Pacific News Minute: Biden predicted to sign defense agreements with Papua New Guinea
President Biden is set to visit Papua New Guinea's capital of Port Moresby next Monday, where he plans to meet in person with 18 Pacific Island leaders.
PNG officials say Biden is scheduled to sign defense and surveillance agreements as Washington seeks to counter China’s growing influence in the region.
The meeting is seen in the region as a major step in restoring trust.
Biden will then travel to a summit of the quad countries: the United States, Japan, India and Australia.
PNG Foreign Minister Justin Tkachenko told Reuters that a Defense Cooperation Agreement between the U.S. and PNG was finalized earlier this month.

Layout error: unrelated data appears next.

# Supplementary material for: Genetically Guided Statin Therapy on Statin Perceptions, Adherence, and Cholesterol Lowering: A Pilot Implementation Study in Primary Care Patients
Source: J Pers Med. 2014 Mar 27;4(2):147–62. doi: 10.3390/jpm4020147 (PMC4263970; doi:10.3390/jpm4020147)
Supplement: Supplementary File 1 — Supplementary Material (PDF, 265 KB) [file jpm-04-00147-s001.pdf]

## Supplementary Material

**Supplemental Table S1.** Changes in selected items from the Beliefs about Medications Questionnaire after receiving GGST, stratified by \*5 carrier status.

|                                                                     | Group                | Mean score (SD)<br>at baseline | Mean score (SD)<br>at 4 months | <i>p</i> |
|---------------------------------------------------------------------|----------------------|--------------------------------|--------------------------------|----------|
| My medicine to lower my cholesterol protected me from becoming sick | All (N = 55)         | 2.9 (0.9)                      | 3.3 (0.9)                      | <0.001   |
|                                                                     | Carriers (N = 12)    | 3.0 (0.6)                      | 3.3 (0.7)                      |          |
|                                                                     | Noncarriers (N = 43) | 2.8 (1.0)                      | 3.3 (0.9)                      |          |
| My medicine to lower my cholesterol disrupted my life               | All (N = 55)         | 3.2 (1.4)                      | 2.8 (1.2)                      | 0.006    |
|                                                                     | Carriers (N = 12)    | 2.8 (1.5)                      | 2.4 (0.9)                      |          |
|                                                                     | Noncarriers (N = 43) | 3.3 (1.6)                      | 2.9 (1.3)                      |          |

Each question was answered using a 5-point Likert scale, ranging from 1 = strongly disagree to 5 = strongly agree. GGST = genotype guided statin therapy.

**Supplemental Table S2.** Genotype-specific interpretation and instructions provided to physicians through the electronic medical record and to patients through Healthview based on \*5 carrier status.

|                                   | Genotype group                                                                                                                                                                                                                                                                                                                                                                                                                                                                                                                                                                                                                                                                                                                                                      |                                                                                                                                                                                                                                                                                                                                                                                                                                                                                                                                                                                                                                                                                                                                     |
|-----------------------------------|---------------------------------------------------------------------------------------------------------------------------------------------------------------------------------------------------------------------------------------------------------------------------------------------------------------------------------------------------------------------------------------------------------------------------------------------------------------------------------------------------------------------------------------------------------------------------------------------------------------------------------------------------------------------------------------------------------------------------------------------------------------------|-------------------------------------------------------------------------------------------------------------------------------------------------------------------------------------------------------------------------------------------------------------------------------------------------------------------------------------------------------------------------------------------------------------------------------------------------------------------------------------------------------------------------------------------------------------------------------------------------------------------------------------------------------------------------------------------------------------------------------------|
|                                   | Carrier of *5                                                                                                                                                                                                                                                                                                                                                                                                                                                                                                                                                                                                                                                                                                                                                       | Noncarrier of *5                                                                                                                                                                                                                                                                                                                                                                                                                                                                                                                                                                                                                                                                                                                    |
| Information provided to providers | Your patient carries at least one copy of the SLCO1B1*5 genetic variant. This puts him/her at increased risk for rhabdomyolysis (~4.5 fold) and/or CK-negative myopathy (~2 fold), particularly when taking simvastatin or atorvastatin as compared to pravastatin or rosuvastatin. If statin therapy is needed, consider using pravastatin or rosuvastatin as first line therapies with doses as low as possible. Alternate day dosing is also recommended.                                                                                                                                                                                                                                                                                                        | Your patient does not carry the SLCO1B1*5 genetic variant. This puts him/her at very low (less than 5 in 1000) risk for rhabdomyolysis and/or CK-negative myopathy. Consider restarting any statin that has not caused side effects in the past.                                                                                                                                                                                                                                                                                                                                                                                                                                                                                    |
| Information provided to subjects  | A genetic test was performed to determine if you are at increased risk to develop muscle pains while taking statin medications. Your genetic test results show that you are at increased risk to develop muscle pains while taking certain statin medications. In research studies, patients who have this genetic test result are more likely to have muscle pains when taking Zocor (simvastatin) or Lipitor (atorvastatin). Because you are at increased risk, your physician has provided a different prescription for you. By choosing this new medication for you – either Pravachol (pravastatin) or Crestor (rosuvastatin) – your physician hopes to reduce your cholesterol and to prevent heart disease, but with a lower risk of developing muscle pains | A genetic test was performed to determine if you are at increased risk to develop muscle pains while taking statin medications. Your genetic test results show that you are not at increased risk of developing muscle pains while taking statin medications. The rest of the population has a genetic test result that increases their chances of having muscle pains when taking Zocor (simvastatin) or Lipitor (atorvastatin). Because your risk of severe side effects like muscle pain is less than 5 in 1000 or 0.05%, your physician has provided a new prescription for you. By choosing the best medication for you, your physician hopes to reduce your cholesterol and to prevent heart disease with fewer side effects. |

A separate agreement to allow the Coast Guard to patrol Papua New Guinea’s large exclusive economic zone is also set to be signed.
The U.S. pledged an $800 million economic assistance package after meeting with Pacific Island leaders last year.
That financial aid still needs to be approved by Congress.
American embassies recently opened in the Solomon Islands and Tonga. Talks are continuing about opening new embassies in Vanuatu and Kiribati.
For Biden, the visit to Papua New Guinea will have a personal significance that highlights the country’s importance to regional security.
During a 2016 visit to Australia, Biden said two of his uncles were based in PNG in World War II as airmen, including one who died in a plane crash in May 1944.